34. Adrien

    That is, that specific types of people are carriers of ‘the selfish gene’ and that these selfish ones are the 1%.

    #1 Dawkins is not saying that. There’s no gene for selfishness.

    #2 To varying extents everyone is selfish.

  35. Howard Cunningham

    Thanks to Fran Barlow, I’m now cross-eyed.

    You cannot make someone be part of a community. You cannot ban being a hermit. It’s even easier now considering everything can be home delivered.

    Those who want to be in “communities” can feel free to do so, as long as their camping at the City Square doesn’t prevent the Christmas decorations being put up.

    I’ll just stick with my family and my small group of friends.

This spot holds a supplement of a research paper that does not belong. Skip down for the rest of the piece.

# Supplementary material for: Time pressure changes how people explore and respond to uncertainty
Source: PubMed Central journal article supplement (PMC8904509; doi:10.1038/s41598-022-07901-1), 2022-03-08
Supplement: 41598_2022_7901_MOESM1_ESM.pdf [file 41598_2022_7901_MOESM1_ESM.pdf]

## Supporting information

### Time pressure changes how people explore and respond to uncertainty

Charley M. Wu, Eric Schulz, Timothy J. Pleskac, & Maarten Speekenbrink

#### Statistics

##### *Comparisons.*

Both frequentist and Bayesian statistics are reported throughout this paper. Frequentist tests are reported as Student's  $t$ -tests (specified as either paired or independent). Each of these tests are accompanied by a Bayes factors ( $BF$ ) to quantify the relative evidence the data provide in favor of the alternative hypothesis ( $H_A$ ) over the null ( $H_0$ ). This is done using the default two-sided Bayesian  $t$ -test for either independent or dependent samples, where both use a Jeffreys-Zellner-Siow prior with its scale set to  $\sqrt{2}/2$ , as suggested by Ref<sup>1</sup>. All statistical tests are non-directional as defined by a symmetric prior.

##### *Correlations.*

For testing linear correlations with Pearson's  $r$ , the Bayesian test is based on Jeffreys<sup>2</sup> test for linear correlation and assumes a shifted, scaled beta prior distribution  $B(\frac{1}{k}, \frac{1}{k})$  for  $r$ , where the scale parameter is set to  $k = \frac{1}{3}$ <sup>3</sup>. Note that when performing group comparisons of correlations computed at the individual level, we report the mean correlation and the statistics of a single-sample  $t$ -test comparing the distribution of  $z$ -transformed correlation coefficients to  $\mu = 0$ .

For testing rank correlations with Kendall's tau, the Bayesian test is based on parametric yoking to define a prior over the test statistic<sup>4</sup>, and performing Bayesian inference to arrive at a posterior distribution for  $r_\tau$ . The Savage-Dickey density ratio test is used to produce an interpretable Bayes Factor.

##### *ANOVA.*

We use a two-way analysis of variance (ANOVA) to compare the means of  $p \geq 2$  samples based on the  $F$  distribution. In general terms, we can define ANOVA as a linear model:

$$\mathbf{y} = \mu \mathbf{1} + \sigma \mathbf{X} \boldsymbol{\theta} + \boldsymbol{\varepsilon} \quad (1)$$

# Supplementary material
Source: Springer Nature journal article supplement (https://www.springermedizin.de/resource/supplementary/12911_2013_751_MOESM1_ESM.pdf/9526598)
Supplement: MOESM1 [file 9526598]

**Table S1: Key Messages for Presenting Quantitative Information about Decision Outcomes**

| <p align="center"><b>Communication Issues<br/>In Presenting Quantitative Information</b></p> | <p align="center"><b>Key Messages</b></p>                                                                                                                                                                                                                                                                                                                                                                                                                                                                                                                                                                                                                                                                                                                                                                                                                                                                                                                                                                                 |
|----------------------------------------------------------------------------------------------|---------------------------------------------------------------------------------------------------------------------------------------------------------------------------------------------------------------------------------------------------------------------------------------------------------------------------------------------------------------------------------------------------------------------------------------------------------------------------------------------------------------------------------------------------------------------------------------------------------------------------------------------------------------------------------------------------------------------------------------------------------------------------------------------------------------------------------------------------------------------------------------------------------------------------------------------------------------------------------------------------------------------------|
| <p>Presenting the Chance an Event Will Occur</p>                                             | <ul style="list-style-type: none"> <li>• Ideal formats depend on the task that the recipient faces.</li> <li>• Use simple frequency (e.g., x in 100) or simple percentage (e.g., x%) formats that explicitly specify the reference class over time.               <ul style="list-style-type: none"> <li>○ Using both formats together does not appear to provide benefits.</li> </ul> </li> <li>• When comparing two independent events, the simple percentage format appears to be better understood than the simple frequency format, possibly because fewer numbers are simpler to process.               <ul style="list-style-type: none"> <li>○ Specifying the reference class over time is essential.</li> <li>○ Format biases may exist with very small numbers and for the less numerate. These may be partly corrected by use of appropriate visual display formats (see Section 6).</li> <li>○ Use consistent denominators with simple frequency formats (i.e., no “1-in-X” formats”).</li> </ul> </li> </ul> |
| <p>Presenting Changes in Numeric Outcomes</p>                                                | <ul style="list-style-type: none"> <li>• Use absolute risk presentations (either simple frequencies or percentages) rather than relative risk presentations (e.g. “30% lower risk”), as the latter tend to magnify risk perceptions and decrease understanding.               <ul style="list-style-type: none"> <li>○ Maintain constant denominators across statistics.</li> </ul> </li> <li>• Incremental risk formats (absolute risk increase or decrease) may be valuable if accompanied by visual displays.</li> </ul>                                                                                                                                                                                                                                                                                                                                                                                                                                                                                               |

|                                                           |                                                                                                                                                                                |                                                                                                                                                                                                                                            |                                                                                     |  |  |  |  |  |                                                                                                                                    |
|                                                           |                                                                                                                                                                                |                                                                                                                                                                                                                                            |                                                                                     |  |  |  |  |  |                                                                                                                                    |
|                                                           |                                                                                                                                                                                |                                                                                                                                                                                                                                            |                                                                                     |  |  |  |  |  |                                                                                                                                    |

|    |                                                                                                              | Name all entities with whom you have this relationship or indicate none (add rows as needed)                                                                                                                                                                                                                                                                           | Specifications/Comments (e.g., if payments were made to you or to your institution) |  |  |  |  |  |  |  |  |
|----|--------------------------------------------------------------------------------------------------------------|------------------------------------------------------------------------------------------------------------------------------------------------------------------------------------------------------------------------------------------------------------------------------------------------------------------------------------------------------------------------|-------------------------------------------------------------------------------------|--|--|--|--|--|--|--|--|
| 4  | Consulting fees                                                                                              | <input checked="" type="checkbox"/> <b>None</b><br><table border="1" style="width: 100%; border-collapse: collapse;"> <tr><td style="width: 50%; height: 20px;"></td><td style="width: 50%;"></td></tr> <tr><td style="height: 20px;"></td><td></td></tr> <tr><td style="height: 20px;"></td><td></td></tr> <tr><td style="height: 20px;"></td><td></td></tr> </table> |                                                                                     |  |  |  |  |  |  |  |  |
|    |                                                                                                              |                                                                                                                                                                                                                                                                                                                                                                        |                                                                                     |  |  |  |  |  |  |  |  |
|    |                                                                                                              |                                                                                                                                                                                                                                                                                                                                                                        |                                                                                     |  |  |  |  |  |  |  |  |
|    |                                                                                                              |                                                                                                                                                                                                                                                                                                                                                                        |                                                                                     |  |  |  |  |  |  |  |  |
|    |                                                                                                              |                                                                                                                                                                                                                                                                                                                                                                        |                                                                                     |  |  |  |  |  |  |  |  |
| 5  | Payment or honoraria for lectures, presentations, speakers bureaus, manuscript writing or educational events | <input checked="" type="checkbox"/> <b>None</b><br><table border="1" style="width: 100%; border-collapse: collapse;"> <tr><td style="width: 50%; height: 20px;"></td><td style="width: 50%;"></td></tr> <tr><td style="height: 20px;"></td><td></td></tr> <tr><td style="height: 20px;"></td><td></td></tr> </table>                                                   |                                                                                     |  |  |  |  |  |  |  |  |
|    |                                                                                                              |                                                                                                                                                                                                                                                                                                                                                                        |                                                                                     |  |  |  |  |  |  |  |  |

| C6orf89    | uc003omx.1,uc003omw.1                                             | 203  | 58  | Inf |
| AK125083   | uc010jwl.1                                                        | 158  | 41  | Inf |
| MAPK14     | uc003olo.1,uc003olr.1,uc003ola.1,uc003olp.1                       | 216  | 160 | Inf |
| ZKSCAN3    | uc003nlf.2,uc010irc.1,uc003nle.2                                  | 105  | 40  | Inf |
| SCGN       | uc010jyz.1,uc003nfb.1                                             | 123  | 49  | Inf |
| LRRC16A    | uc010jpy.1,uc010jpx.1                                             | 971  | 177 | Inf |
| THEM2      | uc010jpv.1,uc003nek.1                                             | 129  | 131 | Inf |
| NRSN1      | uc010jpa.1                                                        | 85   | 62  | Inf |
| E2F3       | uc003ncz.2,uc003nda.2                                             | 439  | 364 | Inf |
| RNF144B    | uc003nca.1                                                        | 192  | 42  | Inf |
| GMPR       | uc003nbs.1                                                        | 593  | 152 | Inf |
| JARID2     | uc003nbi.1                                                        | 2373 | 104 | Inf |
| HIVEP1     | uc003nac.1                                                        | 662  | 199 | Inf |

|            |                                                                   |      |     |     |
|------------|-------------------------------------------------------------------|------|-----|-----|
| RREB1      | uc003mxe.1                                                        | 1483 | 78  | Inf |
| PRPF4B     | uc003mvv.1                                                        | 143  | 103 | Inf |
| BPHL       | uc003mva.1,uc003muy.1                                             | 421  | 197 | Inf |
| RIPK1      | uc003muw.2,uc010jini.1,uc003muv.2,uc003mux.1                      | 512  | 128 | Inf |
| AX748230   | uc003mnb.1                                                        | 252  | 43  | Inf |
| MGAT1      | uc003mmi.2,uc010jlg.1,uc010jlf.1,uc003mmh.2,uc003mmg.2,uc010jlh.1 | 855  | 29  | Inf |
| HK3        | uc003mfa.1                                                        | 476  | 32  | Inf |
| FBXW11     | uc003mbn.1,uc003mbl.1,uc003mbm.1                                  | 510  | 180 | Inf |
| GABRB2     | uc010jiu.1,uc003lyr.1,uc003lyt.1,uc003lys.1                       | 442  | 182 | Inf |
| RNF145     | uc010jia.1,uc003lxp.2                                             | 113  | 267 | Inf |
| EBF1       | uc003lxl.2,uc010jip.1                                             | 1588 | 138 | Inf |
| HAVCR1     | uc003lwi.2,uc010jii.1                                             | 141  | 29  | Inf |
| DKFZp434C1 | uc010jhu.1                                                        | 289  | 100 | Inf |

36. Fran Barlow

    HC said:

    Thanks to Fran Barlow, I’m now cross-eyed.

    Sorry about that.

    You cannot make someone be part of a community.

    No, but it’s very difficult in practice not to be part of a community. very few can manage it, and all of them are considered to be ‘odd’. The ‘Unabomber’ went close, but even he had to use the mail system, and as far as can be told he was also a man of astonishing intellectual gifts, as well as being a dangerous oddball.

    If you had a substantive point, and it was important that someone address it, you might like to publish it as soon as you return from the opthalmologist.

  37. Howard Cunningham

    I guess I disagree with an all-encompassing definition of a community.